An Italian family in search of a better life comes to join the father, a miner in the Borinage (Belgium). They arrive as someone else is about to leave: Domenico, another Italian miner. After 17 years down the mine, he longs to return to his village now that there is less and less work. Poetically and expertly, Meyer films not only the misery and poverty of miners’ families but also their moments of joy: children's first day at school, festive Sundays, games on the slag heaps...
Representative of Belgian social cinema both by its contents and its fate, the film From the Branches Drops the Withered Blossom (Déjà s'envole la fleur maigre in French, the title being inspired by a poem by Salvatore Quasimodo) is undoubtedly Paul Meyer’s crowning achievement. Undeservedly unseen for a number of decades, this film has been returned to its former glory thanks to restoration by the Royal Film Archive of Belgium.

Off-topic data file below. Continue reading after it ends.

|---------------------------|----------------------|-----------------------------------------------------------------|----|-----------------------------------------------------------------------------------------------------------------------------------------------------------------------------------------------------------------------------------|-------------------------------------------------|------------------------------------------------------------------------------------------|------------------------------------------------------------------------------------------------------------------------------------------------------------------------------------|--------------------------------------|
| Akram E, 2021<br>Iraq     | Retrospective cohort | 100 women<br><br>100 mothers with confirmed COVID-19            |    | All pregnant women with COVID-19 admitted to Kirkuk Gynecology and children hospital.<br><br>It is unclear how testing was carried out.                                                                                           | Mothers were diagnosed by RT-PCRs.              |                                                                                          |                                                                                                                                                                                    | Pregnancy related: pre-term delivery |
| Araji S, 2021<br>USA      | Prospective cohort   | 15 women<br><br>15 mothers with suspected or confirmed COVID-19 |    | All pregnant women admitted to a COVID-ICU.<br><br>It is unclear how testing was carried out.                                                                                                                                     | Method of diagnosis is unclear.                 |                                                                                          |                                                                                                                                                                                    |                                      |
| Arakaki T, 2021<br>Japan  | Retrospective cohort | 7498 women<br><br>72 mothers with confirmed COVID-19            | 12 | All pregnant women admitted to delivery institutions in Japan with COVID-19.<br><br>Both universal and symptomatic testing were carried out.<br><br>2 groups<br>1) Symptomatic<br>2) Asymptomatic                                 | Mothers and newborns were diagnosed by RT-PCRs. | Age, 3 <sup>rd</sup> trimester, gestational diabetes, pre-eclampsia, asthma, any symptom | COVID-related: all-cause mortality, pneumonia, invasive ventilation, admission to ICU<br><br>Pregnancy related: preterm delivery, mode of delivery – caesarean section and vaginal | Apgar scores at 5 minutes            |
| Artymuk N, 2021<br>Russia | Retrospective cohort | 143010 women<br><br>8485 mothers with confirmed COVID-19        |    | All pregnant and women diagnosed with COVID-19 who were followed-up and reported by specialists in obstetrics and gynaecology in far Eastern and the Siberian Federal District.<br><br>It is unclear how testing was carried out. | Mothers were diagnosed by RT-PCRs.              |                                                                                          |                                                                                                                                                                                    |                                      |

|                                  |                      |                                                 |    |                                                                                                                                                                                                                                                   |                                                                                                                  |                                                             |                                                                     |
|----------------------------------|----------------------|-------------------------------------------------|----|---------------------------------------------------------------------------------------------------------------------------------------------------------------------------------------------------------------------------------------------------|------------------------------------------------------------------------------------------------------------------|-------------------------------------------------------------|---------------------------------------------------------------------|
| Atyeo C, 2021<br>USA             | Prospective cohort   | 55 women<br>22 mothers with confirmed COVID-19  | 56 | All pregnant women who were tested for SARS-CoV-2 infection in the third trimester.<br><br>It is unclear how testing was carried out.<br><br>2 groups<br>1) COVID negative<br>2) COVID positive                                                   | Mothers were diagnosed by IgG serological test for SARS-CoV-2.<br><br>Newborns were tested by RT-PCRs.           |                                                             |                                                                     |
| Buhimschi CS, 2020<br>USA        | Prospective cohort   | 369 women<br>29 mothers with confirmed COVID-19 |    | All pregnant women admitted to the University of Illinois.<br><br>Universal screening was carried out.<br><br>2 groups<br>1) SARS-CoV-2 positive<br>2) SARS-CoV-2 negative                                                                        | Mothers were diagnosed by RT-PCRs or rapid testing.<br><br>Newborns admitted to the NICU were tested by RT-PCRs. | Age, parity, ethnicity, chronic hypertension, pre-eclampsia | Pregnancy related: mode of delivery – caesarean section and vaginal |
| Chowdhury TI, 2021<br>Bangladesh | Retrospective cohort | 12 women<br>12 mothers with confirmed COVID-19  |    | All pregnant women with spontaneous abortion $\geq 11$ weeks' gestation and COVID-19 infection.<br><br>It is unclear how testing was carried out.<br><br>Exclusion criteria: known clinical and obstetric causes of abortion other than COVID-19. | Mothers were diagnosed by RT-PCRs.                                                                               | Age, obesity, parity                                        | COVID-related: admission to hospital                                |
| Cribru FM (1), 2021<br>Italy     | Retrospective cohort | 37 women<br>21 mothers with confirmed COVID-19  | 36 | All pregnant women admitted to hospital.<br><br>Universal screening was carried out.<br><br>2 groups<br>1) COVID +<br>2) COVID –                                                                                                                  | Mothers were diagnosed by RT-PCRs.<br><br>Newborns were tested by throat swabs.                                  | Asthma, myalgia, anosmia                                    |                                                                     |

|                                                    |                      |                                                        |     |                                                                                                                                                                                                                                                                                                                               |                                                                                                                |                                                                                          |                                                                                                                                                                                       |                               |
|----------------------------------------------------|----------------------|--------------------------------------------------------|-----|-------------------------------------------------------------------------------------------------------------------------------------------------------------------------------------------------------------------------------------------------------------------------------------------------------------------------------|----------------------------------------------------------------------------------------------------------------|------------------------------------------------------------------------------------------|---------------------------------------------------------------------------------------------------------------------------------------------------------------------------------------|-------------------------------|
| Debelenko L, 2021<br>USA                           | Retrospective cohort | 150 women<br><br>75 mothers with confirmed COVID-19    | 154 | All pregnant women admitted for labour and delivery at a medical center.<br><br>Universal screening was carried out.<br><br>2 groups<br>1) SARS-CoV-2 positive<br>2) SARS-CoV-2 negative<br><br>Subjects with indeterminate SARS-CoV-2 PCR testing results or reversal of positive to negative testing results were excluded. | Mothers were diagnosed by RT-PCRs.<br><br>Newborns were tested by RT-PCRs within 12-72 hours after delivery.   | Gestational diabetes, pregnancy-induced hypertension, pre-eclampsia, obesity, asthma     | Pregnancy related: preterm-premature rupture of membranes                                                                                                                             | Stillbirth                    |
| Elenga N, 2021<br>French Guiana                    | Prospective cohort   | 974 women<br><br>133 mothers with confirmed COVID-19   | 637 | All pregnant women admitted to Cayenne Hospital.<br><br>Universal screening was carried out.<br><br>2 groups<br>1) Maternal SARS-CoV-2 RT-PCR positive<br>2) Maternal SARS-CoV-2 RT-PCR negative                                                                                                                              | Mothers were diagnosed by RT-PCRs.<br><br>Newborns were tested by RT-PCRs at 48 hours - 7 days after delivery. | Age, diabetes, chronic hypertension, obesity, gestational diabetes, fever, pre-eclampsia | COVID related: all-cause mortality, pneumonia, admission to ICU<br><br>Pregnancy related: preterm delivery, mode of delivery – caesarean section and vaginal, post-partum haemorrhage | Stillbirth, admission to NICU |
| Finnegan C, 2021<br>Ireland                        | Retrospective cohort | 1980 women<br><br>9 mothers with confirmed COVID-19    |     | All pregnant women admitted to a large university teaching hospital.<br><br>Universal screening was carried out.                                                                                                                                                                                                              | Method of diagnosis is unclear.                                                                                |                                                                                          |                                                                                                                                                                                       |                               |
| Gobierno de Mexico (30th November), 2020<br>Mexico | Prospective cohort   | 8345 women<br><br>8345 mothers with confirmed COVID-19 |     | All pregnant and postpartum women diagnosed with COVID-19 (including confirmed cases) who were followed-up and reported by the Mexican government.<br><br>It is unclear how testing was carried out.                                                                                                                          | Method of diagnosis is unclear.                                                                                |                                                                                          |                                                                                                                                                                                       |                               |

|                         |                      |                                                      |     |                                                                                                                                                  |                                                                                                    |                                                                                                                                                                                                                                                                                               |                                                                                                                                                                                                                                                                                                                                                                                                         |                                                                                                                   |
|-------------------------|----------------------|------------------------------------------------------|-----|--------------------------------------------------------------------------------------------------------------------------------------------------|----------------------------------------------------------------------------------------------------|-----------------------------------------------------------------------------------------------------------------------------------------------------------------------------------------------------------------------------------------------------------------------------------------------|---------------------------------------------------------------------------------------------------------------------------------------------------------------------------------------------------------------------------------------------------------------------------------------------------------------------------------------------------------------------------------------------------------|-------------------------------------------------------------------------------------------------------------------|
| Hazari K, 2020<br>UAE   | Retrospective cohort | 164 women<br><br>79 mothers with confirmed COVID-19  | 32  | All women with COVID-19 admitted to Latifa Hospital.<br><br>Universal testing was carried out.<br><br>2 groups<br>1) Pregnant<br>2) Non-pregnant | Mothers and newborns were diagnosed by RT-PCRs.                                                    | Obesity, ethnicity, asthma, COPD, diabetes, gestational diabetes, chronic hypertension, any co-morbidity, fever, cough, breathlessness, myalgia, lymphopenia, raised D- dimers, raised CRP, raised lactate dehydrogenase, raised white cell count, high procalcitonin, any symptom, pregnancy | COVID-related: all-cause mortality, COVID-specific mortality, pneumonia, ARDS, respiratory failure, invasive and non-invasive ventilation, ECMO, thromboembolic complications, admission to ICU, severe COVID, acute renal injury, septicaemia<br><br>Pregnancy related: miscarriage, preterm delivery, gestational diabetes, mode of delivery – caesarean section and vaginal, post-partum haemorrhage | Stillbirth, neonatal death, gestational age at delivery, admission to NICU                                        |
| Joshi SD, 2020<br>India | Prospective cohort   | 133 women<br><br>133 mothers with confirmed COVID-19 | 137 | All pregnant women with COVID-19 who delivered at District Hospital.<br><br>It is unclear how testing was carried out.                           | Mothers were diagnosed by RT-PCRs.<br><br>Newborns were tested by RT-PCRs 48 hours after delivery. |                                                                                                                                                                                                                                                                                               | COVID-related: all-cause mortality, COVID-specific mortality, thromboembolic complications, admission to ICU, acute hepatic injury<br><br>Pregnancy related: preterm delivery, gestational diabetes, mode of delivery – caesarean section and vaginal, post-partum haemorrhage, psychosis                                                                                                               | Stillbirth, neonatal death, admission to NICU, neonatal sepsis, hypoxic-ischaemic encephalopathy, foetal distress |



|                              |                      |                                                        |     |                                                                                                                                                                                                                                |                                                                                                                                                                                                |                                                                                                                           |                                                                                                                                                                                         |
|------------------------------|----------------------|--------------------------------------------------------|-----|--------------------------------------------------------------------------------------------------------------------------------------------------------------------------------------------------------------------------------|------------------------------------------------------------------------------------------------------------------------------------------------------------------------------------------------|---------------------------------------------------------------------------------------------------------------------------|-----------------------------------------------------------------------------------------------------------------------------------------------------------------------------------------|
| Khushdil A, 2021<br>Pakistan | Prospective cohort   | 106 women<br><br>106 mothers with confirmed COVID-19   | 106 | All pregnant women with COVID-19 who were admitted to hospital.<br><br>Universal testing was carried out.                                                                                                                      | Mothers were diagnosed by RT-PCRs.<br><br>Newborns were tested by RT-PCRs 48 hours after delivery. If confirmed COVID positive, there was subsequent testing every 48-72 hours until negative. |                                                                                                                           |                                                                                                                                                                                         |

“Despite a flood of prizes on the festival circuit, the Belgian release of From the Branches Drops the Withered Blossom lasted a matter of days. Meyer’s revenge came in 1994, when a Parisian distributor relaunched the film to unanimous applause. The consignment to over 30 years of obscurity of a major film in Belgian cinema is one of the greatest injustices of its entire history. This space is insufficient to celebrate so many sequences: the arrival of an Italian family on the same day as the return of an aged immigrant; the initiation of an apprentice to the ways of the mine, the local celebrations, a hubbub of different languages. And the whole, a poignant, beautiful neorealism set against the backdrop of the coal tips and eroded landscapes of a suffocating Borinage.”